Constitutional amendments and bills are being proposed in several states that will protect the right to hunt and fish, with sportsmen saying they are concerned that efforts by animal-rights organizations will result in hunting bans.
Seventeen states already have constitutional guarantees that protect hunters' rights, The Wall Street Journal reported
, and further efforts are unfolding in several other states, including Indiana, Mississippi, West Virginia, and Missouri.
Hunters are concerned about ballot proposals such as one this fall in Maine that would prohibit bear hunting with bait, dogs, or traps. In addition, California lawmakers late last year passed the nation's first law prohibiting the use of lead ammunition while hunting, KCET.org reported
, in a plan that met with environmentalists' support and heavy disapproval from hunters groups.
California also bans bear and bobcat hunting with dogs. In North Carolina, conservation groups filed a lawsuit last year seeking a ban on coyote hunting in hopes of protecting the state's endangered red wolves.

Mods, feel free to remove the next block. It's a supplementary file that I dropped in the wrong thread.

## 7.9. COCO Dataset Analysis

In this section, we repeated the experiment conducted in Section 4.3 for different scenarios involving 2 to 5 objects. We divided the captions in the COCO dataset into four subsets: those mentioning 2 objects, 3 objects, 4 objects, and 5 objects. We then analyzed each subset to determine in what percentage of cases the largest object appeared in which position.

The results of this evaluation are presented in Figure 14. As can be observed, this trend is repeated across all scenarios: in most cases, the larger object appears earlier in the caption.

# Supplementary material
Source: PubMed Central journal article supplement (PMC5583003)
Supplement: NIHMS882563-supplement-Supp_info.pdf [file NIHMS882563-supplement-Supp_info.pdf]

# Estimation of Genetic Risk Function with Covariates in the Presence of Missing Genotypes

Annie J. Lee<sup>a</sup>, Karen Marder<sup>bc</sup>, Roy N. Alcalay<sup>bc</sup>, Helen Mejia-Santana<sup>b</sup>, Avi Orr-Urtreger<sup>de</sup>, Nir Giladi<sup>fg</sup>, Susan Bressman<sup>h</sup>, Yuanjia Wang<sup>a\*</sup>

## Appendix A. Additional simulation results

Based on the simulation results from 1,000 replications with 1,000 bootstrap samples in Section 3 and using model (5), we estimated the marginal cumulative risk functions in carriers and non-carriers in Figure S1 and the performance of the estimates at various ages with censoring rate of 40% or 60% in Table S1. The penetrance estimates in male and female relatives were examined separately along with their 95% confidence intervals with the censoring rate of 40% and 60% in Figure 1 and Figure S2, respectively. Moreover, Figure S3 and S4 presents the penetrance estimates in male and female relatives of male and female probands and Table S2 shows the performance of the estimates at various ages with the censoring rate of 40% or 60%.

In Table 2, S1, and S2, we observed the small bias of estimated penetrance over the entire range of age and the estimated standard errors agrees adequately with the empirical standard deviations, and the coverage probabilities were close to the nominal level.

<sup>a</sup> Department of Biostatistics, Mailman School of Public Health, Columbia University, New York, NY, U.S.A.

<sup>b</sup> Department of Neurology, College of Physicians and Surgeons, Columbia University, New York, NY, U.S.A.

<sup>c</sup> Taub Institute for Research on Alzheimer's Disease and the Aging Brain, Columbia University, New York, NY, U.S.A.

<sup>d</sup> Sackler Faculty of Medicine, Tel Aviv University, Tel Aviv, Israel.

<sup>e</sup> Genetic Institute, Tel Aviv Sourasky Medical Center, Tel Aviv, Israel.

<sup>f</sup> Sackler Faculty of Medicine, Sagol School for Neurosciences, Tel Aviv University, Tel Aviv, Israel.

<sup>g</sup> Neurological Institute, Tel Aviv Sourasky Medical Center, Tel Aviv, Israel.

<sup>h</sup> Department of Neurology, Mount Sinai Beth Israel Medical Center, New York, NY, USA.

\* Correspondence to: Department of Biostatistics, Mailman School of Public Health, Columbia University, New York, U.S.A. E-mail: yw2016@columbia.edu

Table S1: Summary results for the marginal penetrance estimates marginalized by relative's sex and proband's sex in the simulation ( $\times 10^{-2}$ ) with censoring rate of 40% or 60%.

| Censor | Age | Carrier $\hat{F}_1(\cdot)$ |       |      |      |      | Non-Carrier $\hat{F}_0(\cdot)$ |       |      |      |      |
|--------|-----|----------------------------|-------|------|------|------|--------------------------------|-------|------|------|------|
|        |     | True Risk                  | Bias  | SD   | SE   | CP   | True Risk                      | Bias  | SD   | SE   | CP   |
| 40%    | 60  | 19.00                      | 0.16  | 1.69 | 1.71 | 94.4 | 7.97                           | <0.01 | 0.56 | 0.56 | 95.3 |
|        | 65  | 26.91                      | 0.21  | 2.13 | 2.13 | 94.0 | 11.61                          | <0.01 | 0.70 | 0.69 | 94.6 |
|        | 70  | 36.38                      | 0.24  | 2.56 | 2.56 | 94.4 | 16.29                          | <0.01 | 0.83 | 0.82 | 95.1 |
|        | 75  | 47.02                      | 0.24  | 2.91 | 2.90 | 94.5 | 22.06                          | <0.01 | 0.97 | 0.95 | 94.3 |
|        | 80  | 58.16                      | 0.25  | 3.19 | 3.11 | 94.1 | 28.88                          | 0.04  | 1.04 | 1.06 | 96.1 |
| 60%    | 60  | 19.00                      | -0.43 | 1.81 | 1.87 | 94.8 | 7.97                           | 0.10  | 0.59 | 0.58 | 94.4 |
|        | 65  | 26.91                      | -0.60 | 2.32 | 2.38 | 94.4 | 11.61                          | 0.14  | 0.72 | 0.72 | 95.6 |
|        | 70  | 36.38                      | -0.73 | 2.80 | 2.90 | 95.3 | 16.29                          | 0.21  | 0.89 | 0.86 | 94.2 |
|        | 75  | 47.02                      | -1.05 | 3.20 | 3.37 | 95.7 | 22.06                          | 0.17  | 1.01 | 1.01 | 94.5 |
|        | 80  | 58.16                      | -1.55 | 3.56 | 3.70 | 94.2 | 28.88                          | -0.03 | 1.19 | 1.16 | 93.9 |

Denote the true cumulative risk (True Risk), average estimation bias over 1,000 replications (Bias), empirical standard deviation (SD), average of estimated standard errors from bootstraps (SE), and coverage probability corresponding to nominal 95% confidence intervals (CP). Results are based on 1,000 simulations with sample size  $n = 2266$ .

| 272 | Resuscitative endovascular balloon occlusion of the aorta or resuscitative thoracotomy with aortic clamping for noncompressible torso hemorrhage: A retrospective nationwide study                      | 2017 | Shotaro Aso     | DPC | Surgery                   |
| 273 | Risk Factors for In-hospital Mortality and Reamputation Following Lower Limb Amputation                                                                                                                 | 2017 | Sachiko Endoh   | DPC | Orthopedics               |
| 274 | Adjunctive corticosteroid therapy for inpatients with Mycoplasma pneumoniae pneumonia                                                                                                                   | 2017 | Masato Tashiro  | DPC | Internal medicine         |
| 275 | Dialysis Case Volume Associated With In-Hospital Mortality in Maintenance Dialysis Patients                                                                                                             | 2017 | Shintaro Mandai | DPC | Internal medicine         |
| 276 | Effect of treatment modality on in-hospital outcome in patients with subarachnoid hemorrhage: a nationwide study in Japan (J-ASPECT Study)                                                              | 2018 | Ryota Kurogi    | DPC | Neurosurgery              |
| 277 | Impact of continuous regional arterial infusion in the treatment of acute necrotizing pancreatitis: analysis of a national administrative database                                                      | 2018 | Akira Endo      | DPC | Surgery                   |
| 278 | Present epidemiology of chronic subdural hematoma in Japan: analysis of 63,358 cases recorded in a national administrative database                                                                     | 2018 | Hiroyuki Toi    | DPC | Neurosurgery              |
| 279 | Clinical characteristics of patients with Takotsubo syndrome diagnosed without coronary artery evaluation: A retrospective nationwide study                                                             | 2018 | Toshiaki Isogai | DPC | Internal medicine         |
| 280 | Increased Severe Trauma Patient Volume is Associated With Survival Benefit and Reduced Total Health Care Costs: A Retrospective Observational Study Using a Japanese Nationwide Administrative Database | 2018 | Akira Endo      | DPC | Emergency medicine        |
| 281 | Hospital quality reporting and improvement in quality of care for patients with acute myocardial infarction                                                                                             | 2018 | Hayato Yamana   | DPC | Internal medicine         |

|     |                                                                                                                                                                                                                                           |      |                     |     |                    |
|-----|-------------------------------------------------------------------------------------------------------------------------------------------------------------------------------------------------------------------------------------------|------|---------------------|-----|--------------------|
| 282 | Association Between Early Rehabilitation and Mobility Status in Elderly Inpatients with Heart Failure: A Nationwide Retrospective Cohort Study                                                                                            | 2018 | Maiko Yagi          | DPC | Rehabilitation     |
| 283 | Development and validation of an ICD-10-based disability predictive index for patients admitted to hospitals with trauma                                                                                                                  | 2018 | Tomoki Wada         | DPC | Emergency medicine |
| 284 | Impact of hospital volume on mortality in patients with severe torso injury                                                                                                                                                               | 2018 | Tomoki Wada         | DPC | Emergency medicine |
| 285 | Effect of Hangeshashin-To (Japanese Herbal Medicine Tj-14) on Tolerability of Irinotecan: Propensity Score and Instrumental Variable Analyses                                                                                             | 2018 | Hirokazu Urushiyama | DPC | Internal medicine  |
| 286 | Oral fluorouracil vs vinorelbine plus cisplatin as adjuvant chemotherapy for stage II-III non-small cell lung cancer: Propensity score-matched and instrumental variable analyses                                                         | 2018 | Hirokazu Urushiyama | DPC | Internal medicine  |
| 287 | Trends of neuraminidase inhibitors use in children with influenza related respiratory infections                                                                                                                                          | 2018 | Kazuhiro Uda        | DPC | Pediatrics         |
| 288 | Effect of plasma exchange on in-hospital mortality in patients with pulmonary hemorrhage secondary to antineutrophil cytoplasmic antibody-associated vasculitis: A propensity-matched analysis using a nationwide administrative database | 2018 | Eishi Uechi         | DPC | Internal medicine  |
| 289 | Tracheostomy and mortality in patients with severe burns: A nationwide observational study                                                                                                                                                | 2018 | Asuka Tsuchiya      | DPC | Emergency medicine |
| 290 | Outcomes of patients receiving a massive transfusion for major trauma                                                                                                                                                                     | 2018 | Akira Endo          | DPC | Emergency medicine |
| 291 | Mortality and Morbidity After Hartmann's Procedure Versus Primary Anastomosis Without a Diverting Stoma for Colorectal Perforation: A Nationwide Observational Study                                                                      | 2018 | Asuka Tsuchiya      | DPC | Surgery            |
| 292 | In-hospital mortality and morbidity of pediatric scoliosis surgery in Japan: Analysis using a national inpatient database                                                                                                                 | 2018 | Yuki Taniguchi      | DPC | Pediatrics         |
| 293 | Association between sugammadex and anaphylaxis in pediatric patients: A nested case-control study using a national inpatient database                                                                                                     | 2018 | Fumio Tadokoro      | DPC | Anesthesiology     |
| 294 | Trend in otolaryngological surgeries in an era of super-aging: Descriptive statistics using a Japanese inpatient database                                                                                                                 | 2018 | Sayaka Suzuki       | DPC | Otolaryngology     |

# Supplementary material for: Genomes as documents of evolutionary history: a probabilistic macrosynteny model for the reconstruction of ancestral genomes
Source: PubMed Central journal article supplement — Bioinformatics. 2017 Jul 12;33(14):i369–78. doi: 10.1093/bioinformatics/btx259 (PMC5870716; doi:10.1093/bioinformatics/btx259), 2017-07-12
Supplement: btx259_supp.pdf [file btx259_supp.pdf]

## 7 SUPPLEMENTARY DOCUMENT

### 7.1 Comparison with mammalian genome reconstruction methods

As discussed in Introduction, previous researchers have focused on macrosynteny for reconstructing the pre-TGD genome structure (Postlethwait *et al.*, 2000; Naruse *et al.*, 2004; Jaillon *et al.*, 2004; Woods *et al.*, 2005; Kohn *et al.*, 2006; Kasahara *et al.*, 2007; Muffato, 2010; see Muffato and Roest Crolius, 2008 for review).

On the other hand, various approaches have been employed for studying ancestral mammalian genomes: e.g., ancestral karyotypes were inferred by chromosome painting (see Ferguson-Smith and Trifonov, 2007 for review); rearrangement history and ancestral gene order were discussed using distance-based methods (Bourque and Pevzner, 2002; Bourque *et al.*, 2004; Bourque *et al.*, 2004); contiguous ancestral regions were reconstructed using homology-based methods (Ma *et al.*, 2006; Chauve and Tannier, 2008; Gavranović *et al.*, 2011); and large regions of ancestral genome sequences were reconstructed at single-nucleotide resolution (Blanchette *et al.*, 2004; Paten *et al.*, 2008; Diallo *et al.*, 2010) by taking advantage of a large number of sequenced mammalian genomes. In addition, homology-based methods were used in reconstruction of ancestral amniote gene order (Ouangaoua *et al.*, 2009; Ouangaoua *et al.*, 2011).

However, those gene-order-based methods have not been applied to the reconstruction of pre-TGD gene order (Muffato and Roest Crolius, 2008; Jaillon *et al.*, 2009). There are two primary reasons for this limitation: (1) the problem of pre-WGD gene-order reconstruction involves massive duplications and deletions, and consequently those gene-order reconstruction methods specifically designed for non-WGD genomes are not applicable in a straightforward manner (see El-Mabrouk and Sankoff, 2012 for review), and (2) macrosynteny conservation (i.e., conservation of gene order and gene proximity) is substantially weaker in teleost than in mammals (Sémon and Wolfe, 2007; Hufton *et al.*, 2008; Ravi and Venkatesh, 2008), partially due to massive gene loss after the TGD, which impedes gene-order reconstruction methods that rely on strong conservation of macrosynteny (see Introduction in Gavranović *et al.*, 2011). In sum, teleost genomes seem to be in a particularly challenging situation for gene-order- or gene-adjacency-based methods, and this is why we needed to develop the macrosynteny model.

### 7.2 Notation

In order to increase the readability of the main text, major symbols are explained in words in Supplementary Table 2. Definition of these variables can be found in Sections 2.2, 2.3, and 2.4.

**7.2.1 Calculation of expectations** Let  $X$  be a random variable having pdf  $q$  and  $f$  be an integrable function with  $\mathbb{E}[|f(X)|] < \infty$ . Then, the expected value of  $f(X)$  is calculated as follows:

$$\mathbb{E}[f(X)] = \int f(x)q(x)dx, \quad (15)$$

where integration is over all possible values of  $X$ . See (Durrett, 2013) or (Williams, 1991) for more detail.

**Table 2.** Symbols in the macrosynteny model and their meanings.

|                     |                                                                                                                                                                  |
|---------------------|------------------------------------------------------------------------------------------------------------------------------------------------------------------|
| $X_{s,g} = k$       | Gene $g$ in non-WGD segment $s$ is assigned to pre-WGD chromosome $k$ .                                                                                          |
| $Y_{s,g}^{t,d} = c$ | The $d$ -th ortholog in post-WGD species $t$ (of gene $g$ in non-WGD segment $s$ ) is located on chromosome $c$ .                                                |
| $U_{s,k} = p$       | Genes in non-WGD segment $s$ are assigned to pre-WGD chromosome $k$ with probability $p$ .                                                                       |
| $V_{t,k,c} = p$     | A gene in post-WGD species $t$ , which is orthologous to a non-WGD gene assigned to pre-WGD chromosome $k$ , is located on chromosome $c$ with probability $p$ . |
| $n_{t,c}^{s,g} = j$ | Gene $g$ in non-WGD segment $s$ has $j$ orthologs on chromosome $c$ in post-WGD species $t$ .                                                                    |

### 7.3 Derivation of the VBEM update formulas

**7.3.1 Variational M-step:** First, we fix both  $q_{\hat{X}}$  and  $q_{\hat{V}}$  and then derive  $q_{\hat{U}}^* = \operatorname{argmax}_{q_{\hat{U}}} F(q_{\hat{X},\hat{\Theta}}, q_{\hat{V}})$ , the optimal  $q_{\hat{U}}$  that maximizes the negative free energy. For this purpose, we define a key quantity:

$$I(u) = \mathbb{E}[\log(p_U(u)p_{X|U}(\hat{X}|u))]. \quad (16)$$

Animal rights groups deny they're pushing for hunting bans.
Instead, said Michael Markarian, the chief program and policy officer for the Humane Society of the United States, the efforts are being made to curb "abusive or unsporting practices ... eliminating bear baiting doesn't mean there's no bear hunting."
Nick Pinizzotto, president of the U.S. Sportsmen's Alliance, said pro-hunting measures add protection that "sends a loud and clear message that we are a state that embraces the outdoor lifestyle of hunting, fishing, and trapping."
Alabama Democratic state Sen. Hank Sanders, who supports hunting and fishing, said he voted against his state's amendment proposal because he doesn't think there needs to be a constitutional amendment to support hunters' rights.
"There is no threat to hunting and fishing in Alabama," he said. "Hunting and fishing is more protected than the right to vote in Alabama."
Hunting and fishing had been on the decline since the early 1980s, but seems to be climbing again, according to the most recent U.S. Fish and Wildlife Service survey.
Dan Forster, president of the Association of Fish and Wildlife Agencies, told the Journal the sport may be coming back because of the number of state and federal programs to recruit new hunters and keep more experienced ones hunting.
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